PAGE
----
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The Coolin School

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In the 'good old days' at Coolin School, ‘bomb scare' meant holding class on the lawn because a skunk had taken up residence under the school building, forcing the evacuation of desks, books and pupils. 

Lacking school bus transportation, a student riding on the running board of an old car jumped off in front of the school one day when the driver failed to slow down for a more decorous dismount. She landed in a mud puddle, soaking her clothing from head to toe. She wore a Santa Claus suit the whole day because it was the only dry wearing apparel available. 

More glamorously, during her tenure as a movie maker at Priest Lake in 1922 and 1923, silent film star Nell Shipman delivered her ten-year-old son Barry to the school via dogsled. Sometimes he snowshoed. Barry grew up to be rather famous himself as a screenwriter for movies and television and thus is considered the Coolin School's most notable alumnus.

Such anecdotes and many more are part of the history and lore associated with the little school at Coolin. A white, frame structure now known as the Coolin Civic Center, and under the auspices of the Coolin Civic Organization (CCO), the building dates back to 1914 when it was constructed at Sandpoint, the county seat of Bonner County. It was moved onto a parcel of state land above Coolin, on the east shore of Priest Lake, in the early 1920s.

The Bonner County School District closed the school following county-wide consolidation in the early 1950s, and the building was turned over to the community for use as a meeting place in 1961. Over time the membership of the CCO dwindled, and the expenses of maintaining the building soared. The land it sits on is leased from the State—which by 1990 had substantially raised the monthly lease payments. The building needed costly repairs, and electricity and other maintenance expenses also soared, precipitating a financial crisis that threatened the future of the facility. Priest Lakers were so dismayed that the Civic Organization held a town meeting on Feb. 25 of that year to elect a board of directors to figure out a way to raise the money to save it.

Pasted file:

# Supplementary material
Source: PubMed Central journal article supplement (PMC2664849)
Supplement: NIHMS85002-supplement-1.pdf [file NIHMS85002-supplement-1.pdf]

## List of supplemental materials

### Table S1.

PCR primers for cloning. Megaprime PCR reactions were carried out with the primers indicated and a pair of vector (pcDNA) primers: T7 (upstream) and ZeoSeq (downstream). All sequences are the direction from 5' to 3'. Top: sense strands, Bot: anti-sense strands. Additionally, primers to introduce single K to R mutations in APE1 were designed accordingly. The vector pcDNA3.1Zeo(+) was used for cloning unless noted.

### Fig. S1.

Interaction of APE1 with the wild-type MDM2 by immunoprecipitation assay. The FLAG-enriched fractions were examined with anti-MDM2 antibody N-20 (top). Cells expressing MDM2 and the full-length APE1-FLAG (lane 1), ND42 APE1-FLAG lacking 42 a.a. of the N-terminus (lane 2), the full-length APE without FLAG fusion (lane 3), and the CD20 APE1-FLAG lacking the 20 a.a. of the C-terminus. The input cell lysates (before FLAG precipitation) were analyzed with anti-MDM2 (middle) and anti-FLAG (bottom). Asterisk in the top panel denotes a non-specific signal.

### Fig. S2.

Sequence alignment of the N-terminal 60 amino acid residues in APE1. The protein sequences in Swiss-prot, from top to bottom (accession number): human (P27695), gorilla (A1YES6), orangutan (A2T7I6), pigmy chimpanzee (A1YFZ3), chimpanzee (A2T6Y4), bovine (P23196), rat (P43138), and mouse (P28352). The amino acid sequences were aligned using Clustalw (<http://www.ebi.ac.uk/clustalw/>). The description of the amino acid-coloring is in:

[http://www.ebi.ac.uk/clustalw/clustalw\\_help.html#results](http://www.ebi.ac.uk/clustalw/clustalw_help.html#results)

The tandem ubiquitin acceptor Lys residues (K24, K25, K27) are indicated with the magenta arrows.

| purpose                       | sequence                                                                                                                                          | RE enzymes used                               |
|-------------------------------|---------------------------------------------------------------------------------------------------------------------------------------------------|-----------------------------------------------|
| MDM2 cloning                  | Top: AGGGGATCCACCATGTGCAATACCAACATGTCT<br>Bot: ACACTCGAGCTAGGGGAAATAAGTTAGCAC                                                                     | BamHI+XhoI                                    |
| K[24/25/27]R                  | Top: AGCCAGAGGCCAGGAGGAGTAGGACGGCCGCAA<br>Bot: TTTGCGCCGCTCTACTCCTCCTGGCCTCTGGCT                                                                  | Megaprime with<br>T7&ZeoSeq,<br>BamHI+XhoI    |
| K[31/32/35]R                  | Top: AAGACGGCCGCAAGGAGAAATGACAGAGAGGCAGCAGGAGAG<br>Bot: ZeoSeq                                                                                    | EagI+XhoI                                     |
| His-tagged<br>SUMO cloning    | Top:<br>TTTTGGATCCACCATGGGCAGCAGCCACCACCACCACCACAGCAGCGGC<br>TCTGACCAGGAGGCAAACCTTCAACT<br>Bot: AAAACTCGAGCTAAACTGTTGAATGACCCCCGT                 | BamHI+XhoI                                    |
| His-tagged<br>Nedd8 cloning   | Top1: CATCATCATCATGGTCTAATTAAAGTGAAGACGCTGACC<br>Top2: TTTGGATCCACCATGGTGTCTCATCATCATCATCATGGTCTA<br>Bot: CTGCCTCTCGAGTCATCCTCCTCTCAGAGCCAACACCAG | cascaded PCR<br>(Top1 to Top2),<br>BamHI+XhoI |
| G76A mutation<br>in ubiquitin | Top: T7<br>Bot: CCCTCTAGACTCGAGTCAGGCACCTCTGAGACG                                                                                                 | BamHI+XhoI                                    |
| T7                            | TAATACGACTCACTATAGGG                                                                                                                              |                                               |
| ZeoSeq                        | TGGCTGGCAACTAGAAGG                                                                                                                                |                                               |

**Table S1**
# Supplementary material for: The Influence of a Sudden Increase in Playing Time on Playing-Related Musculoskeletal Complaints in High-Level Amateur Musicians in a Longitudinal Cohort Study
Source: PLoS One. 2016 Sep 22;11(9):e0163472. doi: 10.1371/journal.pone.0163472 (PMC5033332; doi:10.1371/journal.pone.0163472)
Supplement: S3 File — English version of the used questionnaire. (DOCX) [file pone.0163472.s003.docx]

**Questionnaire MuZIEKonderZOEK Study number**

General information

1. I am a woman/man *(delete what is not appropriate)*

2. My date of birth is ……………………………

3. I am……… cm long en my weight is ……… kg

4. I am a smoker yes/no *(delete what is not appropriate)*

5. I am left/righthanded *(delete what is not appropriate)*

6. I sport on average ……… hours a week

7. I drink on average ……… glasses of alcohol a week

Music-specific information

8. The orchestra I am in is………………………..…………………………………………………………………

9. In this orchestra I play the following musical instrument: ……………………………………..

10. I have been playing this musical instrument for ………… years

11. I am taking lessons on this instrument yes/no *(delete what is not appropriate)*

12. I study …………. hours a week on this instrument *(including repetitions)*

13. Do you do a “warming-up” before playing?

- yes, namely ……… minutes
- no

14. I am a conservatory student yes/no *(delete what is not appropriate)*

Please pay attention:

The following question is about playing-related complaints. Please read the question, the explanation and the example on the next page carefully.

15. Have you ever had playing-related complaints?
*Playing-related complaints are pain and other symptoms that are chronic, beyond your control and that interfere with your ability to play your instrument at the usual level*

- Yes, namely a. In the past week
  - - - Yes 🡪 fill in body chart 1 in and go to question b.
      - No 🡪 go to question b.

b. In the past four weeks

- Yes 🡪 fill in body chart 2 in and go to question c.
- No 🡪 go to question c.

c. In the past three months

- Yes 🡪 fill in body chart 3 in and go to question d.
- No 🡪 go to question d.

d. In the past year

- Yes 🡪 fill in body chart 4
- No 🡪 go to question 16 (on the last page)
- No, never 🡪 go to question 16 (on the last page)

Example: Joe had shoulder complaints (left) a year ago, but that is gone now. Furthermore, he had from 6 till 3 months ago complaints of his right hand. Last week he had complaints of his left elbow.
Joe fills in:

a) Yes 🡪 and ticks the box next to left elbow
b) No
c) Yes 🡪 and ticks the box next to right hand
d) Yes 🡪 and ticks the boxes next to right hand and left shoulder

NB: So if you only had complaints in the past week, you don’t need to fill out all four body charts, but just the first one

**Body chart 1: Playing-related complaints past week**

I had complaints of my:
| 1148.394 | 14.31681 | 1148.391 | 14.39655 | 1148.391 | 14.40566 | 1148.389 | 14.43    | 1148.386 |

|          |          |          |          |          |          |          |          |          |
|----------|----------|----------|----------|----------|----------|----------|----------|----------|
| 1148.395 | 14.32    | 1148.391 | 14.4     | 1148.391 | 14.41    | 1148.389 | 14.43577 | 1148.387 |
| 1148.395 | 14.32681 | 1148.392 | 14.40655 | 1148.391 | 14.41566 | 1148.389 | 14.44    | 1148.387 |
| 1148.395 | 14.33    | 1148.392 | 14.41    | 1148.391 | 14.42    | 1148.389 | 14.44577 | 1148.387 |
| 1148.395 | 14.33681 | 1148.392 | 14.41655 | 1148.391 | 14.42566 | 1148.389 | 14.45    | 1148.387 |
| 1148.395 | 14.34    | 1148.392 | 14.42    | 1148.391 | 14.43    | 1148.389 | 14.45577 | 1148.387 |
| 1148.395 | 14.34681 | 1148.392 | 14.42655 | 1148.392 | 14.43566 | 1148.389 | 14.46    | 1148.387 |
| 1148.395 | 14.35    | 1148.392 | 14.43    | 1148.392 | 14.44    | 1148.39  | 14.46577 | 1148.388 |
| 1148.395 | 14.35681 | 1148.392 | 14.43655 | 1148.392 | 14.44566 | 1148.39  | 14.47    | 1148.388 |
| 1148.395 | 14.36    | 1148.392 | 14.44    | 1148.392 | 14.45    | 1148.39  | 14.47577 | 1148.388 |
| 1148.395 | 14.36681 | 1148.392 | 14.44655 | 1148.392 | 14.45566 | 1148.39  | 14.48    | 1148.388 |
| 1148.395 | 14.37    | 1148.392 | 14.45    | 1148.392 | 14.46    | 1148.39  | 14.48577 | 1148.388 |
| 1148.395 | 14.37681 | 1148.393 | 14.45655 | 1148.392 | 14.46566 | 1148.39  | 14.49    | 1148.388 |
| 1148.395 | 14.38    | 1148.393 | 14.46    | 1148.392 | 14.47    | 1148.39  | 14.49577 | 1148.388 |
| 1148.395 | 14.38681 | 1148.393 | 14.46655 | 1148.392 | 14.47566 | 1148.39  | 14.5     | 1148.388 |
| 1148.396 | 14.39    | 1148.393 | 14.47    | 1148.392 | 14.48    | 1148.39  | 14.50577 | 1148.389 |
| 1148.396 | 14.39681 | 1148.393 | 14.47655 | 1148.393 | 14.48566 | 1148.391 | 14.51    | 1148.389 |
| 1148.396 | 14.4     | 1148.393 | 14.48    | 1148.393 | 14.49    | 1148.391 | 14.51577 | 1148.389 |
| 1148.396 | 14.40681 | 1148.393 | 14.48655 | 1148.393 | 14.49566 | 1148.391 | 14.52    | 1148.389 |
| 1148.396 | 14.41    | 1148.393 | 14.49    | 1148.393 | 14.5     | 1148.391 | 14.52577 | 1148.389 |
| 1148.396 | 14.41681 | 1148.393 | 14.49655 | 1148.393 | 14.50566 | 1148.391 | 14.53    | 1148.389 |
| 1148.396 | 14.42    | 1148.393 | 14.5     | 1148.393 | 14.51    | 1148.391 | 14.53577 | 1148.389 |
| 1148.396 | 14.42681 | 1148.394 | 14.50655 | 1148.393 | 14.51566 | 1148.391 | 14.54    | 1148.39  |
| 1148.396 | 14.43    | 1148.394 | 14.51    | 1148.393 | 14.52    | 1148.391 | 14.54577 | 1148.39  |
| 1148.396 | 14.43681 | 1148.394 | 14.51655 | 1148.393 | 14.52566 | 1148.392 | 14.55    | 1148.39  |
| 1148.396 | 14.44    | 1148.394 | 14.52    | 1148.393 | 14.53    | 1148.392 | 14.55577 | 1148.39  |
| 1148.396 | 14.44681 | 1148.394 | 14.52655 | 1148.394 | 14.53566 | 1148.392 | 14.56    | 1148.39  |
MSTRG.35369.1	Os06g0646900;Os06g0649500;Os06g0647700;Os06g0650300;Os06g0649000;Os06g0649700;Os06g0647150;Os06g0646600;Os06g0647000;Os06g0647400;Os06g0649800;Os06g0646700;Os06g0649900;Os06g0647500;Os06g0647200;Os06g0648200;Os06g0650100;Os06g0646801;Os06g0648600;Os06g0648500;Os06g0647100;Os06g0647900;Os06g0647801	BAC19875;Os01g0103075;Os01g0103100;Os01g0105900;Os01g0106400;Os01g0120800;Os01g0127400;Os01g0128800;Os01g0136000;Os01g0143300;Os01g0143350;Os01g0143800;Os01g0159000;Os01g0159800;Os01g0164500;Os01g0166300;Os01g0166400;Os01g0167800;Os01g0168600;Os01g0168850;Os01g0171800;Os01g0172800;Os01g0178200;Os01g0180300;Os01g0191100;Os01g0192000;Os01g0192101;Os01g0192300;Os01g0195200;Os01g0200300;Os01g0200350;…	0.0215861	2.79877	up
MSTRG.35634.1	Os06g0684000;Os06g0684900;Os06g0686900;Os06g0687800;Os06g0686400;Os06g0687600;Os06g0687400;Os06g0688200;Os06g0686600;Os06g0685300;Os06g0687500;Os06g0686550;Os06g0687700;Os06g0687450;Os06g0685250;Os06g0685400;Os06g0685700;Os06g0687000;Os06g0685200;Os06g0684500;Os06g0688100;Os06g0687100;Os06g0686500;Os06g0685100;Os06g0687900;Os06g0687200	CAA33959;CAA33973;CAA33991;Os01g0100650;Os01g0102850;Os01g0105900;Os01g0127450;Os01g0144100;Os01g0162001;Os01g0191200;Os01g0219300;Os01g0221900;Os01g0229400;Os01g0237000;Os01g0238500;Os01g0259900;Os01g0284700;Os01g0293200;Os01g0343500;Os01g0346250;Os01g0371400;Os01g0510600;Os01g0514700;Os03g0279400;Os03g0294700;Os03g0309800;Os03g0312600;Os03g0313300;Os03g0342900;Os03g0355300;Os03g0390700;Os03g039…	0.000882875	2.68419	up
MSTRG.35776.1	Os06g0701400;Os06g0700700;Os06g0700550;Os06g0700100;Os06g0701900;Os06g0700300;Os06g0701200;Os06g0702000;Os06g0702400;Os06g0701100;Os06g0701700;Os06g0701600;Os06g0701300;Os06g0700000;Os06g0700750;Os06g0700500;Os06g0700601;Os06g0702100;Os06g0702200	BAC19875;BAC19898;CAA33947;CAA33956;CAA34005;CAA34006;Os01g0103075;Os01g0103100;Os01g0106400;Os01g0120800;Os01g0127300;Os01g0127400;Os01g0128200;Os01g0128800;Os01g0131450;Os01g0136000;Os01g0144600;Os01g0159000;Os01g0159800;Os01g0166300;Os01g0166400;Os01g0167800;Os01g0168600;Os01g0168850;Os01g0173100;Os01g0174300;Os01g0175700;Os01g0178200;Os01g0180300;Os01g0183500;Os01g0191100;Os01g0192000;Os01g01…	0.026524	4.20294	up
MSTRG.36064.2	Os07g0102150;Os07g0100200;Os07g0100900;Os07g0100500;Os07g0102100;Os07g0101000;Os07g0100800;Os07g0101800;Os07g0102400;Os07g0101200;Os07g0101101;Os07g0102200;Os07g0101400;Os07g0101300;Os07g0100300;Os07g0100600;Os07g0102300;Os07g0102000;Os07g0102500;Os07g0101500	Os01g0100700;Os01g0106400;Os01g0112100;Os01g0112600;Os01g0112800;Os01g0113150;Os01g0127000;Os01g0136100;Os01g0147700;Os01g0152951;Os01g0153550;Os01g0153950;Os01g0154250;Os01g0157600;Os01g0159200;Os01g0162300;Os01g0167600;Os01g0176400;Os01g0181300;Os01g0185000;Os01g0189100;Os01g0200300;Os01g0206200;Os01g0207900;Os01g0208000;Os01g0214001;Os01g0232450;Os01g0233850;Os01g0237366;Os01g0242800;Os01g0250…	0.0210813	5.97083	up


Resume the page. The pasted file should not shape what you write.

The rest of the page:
No one was more eager to help than a group of mostly older women, clever quilters all, and soon to become known as The Magnificent Quilting Ladies of Priest Lake. The quilts they made for raffle, then auction, have played a substantial role in putting the Civic Center on a firm financial foundation.

Steve King, a charter member of the board, explained the need for the building to a writer for the Priest River Times newspaper for a story that appeared in the March 4, 1990 edition.

"This is where we vote, where we started our fire district," he said. "Without it, there wouldn't be a hub, so to speak, for anyone on this side of the lake."

At the time, King was the pastor of a church that met in the building. It was also the home of the Priest Lake Grange for many years. The grange is inactive now, but other groups and organizations, such as Search and Rescue, the local conservation organization, trails association, scouts, 4-H groups, and many others still meet there, and it is rented out as well for anniversaries, birthday parties, and more.